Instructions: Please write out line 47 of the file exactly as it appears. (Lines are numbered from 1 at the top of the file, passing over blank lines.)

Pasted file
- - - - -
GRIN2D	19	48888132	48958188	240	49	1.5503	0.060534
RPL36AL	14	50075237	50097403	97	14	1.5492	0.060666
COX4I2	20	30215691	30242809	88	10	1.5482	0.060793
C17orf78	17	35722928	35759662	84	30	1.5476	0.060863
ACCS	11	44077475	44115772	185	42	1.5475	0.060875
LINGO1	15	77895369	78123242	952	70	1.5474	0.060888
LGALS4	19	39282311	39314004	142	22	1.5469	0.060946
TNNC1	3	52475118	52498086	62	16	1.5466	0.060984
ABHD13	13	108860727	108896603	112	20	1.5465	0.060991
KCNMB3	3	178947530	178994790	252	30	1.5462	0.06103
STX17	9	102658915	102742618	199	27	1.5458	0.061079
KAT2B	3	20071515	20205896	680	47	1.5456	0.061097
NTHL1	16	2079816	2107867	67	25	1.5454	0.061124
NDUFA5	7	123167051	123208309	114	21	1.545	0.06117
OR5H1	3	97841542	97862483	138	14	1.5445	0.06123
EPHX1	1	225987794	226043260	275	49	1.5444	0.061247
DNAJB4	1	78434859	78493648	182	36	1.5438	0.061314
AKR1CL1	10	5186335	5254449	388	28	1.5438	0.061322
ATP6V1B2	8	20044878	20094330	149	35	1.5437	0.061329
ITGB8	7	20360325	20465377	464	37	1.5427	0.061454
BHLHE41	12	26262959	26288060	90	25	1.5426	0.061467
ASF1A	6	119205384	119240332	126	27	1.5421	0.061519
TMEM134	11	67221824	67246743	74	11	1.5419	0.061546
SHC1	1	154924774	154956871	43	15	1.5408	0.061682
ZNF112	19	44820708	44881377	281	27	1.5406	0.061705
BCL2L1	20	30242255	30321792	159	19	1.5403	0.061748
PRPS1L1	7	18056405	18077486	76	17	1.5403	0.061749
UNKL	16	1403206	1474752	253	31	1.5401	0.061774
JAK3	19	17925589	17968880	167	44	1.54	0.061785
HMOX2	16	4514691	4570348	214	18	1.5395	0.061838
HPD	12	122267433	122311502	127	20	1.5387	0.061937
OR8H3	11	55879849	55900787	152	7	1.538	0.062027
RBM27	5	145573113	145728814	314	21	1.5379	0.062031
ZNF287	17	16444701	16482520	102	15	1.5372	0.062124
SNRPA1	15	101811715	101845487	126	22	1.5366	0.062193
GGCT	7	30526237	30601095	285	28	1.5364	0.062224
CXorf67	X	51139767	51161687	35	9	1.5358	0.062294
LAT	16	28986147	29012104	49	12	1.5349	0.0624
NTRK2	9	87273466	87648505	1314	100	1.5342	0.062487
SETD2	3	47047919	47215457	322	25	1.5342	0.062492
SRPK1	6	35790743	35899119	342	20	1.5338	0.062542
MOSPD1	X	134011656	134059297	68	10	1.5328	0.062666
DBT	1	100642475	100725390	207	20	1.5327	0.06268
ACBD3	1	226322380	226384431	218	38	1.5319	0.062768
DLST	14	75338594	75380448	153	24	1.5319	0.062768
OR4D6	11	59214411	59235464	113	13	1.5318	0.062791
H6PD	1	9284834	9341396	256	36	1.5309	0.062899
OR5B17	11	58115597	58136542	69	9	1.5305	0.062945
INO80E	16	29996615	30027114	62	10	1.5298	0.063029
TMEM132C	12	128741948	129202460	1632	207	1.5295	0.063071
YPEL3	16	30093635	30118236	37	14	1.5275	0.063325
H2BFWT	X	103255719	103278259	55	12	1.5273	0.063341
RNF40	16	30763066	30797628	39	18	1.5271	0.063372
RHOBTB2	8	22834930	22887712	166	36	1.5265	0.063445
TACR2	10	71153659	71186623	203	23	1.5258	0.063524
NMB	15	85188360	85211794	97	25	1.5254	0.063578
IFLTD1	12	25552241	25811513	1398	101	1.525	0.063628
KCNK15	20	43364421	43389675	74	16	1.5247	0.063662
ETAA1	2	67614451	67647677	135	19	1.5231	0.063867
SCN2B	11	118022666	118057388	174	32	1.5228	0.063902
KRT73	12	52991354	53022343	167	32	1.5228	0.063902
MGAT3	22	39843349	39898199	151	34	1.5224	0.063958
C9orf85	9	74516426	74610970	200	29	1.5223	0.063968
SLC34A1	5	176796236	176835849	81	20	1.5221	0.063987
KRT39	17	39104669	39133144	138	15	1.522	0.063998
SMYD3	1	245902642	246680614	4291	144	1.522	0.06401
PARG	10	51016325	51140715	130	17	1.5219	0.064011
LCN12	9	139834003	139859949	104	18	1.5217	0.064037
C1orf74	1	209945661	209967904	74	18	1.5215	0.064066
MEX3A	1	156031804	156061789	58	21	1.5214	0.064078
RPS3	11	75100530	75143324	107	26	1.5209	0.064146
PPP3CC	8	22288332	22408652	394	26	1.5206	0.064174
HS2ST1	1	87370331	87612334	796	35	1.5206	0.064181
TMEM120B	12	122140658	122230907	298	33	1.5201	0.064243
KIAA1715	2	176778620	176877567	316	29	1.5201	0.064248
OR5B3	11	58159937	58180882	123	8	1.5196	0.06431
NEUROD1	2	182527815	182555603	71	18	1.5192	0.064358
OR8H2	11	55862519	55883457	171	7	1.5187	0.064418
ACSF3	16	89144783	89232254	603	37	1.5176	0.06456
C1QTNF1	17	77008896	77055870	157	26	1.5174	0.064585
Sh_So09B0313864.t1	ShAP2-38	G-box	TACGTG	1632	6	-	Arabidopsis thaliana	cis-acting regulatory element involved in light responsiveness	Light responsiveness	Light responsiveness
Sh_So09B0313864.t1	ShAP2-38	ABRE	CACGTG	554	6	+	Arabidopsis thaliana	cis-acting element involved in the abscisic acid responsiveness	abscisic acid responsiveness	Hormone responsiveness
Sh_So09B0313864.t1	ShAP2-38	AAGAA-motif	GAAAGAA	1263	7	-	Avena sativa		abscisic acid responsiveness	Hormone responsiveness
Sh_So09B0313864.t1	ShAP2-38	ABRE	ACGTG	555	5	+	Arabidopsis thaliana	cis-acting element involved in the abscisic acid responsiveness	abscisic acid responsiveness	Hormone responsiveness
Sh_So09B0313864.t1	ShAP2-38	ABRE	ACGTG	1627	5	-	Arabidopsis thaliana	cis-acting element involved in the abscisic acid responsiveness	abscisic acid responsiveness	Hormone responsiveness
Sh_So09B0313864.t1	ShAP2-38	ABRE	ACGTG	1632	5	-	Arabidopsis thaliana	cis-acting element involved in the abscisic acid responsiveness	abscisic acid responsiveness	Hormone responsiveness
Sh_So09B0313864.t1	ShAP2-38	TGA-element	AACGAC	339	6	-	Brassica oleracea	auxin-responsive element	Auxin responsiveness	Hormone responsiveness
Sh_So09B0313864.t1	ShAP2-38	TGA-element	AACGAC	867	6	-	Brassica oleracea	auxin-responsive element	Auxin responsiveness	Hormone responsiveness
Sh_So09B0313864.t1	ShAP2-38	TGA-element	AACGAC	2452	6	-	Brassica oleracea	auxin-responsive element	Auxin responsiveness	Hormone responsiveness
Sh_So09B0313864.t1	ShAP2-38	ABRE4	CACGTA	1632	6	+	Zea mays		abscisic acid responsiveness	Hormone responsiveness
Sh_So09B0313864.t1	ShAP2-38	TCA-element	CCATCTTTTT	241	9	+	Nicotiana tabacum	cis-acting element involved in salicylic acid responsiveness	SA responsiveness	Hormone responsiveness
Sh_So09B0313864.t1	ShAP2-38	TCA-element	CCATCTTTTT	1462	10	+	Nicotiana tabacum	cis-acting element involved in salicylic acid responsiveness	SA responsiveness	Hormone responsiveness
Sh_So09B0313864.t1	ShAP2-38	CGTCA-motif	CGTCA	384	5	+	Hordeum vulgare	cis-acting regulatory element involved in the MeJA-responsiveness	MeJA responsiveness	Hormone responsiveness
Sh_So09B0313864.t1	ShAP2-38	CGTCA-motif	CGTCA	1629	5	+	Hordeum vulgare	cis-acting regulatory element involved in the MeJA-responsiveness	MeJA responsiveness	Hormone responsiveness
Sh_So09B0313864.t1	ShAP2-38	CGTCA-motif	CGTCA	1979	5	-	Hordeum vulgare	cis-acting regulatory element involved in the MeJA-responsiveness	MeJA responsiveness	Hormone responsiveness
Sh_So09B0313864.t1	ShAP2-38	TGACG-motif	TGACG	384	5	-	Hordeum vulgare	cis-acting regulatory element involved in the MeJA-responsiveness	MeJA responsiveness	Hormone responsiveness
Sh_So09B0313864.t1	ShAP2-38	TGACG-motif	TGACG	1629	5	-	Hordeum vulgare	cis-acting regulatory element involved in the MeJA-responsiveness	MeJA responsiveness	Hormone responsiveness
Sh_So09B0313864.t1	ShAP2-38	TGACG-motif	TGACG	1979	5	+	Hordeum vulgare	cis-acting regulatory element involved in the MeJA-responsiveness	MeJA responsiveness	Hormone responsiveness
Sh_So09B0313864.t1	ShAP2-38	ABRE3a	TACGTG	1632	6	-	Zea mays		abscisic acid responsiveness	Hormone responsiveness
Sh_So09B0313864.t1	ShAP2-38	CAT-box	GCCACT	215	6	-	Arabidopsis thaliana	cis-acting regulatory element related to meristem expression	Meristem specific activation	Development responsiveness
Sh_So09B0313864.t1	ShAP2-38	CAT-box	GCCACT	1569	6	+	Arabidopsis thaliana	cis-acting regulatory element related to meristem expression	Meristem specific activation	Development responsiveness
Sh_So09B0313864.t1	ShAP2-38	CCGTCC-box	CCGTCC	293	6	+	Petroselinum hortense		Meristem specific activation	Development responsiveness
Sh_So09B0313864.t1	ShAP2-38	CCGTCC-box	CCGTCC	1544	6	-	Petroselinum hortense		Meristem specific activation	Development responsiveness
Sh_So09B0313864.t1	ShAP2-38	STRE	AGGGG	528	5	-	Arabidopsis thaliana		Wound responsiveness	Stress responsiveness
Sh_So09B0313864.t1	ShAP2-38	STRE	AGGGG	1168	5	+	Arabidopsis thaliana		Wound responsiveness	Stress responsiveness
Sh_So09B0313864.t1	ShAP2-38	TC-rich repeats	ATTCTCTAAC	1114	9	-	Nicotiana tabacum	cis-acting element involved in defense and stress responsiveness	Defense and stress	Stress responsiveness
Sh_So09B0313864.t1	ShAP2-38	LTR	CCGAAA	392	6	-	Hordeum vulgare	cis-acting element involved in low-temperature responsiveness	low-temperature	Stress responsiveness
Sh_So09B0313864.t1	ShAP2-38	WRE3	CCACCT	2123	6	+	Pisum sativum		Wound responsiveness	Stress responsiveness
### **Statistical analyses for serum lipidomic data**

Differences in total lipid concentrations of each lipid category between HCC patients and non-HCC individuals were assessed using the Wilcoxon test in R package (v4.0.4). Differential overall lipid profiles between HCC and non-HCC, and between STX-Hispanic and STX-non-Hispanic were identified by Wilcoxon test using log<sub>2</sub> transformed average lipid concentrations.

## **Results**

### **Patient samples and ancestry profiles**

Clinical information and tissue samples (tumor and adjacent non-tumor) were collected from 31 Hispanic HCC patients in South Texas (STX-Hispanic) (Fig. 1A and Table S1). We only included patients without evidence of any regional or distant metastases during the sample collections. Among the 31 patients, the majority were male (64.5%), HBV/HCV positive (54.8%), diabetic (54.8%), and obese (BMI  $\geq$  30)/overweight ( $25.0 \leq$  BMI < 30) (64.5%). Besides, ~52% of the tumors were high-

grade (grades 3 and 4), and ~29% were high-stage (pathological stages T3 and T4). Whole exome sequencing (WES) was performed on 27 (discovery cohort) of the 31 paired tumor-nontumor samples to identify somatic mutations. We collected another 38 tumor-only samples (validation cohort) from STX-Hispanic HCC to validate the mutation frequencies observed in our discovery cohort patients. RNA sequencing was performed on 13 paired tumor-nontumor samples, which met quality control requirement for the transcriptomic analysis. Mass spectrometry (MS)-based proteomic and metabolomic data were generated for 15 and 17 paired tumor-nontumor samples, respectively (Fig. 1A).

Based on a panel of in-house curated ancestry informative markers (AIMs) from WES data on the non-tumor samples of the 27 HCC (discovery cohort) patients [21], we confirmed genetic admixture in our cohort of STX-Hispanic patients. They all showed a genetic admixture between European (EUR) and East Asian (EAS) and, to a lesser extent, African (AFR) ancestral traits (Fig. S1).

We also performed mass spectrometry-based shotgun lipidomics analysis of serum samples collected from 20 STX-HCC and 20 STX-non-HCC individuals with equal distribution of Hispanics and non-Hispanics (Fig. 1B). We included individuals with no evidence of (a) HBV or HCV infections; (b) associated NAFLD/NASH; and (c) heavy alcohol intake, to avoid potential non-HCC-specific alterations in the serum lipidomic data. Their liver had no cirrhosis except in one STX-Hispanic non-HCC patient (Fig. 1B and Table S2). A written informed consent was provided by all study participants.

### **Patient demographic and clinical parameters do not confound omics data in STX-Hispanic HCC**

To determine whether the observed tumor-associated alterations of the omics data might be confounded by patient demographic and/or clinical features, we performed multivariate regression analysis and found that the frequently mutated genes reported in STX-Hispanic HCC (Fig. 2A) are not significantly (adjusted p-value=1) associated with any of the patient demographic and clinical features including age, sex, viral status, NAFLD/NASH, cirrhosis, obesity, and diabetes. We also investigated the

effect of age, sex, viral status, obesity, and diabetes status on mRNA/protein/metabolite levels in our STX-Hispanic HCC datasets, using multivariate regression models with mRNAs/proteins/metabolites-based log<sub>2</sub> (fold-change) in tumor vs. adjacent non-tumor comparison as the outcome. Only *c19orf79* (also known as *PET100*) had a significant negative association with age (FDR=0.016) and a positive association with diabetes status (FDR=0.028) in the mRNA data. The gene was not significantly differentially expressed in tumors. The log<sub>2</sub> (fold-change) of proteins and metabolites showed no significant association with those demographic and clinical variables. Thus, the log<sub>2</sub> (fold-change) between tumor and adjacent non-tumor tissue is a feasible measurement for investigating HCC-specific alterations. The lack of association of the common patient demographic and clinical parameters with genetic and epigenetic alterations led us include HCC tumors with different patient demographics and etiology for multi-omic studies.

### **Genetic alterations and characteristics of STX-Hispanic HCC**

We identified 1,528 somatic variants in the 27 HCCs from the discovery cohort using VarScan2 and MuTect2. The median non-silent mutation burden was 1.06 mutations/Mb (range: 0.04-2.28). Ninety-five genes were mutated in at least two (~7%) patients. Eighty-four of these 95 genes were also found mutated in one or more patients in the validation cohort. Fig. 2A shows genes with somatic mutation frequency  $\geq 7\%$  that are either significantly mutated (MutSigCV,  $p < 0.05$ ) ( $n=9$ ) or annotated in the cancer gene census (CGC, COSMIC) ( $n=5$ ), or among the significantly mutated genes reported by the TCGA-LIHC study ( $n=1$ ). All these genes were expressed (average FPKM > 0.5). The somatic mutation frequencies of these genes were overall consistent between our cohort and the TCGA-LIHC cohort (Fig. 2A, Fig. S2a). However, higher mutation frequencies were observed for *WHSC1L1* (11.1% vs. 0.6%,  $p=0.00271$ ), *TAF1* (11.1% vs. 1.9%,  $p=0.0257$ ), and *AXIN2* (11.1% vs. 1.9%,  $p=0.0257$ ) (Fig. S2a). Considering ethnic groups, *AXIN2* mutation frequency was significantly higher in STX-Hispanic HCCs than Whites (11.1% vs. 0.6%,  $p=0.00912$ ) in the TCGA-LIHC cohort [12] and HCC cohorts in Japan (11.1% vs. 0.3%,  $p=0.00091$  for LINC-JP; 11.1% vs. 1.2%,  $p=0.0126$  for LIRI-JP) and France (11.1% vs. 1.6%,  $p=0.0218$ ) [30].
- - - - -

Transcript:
H6PD	1	9284834	9341396	256	36	1.5309	0.062899